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EU enlargement chief warns Kosovo opposition over obstruction

The EU enlargement commissioner has warned the opposition that obstruction could endanger Kosovo's European integration. Opposition members have blocked parliament from functioning in protest over a deal with Serbia.

Commissioner Johannes Hahn told Kosovo's legislature on Friday that the opposition should allow free debate after some of its lawmakers

used teargas in parliament to block an EU-brokered deal with Serbia.

Kosovo's parliament last week passed a

Stabilization and Association Agreement with the EU,

a first step in the long road towards greater political and economic integration with the bloc.

The opposition, which boycotted the association vote, has been protesting

a deal to grant ethnic Serb areas considerable local power,

as well as border delineation agreement with Montenegro.

Watch video 00:46

EU warns Kosovo's opposition.

For the two months they have obstructed parliament by releasing teargas in the chamber, throwing eggs and blowing whistles to block the EU-brokered deal.

Hahn told lawmakers that those who obstruct parliament and the free exchange of ideas have "lost the argument before the debate has even started." He warned that blocking the work of parliament could negatively impact EU integration.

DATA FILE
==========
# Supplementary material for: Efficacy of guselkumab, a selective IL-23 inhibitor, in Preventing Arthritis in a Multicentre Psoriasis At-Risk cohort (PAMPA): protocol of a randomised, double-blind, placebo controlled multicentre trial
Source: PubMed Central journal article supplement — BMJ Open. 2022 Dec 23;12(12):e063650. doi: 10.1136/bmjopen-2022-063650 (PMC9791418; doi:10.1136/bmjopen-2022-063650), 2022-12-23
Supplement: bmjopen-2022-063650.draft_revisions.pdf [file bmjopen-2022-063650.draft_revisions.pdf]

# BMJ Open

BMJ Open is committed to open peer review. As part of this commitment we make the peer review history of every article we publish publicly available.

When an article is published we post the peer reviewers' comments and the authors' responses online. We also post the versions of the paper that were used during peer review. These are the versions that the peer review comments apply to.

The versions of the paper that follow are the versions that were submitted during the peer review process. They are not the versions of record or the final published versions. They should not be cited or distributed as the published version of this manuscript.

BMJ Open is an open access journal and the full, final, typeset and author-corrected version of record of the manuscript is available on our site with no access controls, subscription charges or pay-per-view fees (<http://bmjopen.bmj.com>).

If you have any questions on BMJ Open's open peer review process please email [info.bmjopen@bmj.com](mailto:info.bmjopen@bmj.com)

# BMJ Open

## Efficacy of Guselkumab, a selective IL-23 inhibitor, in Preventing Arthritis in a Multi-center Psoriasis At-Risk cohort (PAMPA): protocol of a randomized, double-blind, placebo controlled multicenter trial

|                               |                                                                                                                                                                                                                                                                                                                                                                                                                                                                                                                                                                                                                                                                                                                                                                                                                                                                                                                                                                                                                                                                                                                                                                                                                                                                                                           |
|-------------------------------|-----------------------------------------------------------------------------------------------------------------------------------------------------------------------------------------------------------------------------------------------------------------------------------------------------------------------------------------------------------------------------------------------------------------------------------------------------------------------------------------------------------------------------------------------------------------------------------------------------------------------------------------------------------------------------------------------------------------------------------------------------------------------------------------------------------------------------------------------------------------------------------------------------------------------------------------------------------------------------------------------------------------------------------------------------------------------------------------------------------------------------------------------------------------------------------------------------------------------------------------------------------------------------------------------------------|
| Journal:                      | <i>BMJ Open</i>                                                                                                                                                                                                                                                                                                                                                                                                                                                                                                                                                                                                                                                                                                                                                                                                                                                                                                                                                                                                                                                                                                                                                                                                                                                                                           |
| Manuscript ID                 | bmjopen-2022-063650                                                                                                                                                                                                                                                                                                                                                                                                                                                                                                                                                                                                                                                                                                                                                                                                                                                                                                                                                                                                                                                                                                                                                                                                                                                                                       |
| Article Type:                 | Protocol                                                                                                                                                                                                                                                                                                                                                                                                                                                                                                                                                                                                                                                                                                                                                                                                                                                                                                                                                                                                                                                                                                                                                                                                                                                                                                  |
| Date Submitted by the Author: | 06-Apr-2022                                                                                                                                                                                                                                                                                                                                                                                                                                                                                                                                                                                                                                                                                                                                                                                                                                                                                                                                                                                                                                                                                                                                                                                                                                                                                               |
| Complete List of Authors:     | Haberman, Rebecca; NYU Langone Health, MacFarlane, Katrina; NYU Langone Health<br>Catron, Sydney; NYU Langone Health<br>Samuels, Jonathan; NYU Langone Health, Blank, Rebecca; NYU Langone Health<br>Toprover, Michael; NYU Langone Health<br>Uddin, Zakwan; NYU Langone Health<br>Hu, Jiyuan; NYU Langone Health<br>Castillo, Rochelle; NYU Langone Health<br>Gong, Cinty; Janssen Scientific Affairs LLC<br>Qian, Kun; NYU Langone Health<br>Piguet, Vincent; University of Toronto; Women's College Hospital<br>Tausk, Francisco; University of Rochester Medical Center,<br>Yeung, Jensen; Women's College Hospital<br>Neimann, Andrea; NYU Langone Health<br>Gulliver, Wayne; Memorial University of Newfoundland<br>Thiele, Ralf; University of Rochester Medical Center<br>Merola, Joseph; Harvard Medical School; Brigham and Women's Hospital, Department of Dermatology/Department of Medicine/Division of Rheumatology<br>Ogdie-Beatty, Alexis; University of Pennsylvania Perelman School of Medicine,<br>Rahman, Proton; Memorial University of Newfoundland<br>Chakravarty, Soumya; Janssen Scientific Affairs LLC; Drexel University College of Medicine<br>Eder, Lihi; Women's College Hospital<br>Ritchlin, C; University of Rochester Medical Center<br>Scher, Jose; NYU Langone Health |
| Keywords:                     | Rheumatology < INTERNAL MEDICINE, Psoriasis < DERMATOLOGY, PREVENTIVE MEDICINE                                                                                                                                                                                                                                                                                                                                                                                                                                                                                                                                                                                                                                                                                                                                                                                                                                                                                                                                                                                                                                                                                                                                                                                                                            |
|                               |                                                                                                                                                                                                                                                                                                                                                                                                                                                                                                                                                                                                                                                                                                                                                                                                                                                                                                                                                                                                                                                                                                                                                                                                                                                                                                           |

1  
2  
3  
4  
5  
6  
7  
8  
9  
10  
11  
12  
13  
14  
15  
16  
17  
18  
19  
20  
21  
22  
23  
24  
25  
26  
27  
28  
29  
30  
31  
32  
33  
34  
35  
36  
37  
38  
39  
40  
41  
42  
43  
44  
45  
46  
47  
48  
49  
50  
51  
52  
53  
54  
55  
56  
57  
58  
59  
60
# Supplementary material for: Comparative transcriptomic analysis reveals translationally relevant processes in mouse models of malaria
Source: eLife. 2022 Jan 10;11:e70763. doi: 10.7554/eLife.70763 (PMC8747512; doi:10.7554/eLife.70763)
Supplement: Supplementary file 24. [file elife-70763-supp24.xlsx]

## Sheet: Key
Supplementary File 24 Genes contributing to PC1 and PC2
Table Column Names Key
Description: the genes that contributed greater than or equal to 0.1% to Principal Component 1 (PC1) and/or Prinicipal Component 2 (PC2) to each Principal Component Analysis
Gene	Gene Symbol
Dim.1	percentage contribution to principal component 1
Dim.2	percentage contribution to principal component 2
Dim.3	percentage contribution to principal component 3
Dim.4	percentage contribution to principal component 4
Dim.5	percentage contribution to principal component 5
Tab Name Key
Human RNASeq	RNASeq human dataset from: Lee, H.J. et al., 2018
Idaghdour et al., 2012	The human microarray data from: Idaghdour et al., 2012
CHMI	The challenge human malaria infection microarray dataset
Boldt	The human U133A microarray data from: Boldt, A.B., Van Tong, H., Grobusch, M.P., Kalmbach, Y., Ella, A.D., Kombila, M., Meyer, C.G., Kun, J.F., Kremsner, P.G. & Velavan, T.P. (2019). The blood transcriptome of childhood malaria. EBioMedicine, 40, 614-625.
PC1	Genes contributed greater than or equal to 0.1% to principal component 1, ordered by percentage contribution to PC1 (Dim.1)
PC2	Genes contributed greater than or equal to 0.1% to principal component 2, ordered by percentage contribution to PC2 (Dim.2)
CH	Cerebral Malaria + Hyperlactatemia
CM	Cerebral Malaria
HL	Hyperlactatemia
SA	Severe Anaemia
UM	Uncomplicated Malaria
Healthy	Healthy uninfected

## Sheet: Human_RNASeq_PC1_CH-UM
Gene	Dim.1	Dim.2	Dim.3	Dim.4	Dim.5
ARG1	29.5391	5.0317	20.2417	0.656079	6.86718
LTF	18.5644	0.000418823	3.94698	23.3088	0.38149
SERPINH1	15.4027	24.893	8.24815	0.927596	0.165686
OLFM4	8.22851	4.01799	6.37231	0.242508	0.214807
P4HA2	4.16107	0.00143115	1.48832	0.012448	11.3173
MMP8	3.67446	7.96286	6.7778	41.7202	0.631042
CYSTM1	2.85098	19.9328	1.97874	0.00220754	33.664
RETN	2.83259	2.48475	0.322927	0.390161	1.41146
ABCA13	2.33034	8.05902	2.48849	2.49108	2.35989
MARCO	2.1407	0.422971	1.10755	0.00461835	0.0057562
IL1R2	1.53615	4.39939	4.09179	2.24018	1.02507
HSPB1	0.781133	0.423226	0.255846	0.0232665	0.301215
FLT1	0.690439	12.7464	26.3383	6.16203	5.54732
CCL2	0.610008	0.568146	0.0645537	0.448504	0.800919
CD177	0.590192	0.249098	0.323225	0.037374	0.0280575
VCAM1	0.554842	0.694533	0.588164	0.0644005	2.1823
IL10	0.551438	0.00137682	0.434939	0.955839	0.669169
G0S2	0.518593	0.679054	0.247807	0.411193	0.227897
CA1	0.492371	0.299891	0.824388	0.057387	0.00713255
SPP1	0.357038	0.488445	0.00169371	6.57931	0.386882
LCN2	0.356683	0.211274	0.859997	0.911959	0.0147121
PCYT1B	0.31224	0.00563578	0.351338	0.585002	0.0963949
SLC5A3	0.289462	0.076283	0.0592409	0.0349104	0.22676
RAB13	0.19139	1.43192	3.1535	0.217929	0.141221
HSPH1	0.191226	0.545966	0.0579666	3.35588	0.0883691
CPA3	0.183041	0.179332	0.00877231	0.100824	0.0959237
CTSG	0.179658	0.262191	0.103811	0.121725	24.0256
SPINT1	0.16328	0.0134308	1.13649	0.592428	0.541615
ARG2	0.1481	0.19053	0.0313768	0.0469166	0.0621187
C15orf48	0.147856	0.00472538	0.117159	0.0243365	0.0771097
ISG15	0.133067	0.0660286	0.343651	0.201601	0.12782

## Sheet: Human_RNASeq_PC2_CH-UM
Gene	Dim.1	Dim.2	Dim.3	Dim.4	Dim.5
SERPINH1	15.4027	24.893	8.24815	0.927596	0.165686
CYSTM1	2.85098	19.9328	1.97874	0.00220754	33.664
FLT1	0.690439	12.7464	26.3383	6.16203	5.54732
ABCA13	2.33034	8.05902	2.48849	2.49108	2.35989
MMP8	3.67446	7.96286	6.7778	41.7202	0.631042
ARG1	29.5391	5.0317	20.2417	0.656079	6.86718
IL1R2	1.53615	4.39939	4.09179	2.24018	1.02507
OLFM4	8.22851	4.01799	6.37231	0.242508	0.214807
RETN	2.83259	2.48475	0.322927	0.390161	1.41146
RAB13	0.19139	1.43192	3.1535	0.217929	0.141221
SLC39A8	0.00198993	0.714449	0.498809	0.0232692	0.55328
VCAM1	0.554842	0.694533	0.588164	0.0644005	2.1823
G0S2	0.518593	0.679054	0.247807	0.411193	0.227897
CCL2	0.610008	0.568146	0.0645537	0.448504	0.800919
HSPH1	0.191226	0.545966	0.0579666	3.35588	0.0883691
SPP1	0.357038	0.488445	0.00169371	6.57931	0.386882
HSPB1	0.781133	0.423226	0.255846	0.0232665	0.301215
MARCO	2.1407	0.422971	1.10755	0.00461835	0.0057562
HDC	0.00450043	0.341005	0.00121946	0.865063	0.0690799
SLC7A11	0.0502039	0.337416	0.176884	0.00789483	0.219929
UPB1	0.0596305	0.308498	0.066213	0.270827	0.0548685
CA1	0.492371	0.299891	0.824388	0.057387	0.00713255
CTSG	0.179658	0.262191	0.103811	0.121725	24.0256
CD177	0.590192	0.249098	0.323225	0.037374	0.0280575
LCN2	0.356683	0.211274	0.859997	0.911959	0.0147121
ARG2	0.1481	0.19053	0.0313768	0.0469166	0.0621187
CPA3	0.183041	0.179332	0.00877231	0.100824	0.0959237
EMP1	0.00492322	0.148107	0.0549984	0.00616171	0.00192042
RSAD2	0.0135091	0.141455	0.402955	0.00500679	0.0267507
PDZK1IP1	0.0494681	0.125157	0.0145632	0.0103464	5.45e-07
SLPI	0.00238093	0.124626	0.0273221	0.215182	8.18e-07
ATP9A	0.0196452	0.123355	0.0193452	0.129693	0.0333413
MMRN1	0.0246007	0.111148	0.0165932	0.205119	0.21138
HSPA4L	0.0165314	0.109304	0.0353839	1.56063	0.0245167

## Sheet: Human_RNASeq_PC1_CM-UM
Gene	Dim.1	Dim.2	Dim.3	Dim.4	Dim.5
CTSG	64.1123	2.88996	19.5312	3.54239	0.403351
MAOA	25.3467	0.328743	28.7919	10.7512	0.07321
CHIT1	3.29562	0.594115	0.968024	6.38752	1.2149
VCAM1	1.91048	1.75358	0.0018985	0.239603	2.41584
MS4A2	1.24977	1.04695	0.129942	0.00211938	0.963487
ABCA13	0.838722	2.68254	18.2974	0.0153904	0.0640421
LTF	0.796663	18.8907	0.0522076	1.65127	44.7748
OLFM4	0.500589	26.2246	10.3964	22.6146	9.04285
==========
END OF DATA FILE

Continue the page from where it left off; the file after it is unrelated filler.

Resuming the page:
Kosovo's EU path tied to relations with Serbia

Under the association agreement, Kosovo has committed itself to improve relations with Serbia, Hahn told lawmakers.

"The continuation and positive and productive contribution of the EU-facilitated dialogue with Serbia is therefore a legal obligation," the enlargement chief said. "Kosovo will need to implement the agreements it has reached with Serbia, and continue to work towards further agreements."

Hahn also said the EU would provide assistance of 650 million euros ($706 million) until 2020 for rule of law, governance, and economic development.

Kosovo separated from Serbia in 1999 after NATO intervened to stop the expulsion of ethnic Albanians by Serbian forces fighting a rebel insurgency. The country declared independence in 2008 and has been recognized by more than 100 states, but not Serbia and Russia.

Small Serb minorities with ties to Belgrade remain in pockets throughout the country, while Serbs constitute a majority in a northern section of the country. An agreement between Serbia and Kosovo over Serb minority rights and status is viewed as a key step in normalizing relations between the Balkan neighbors.

cw/rc (AP, Reuters)

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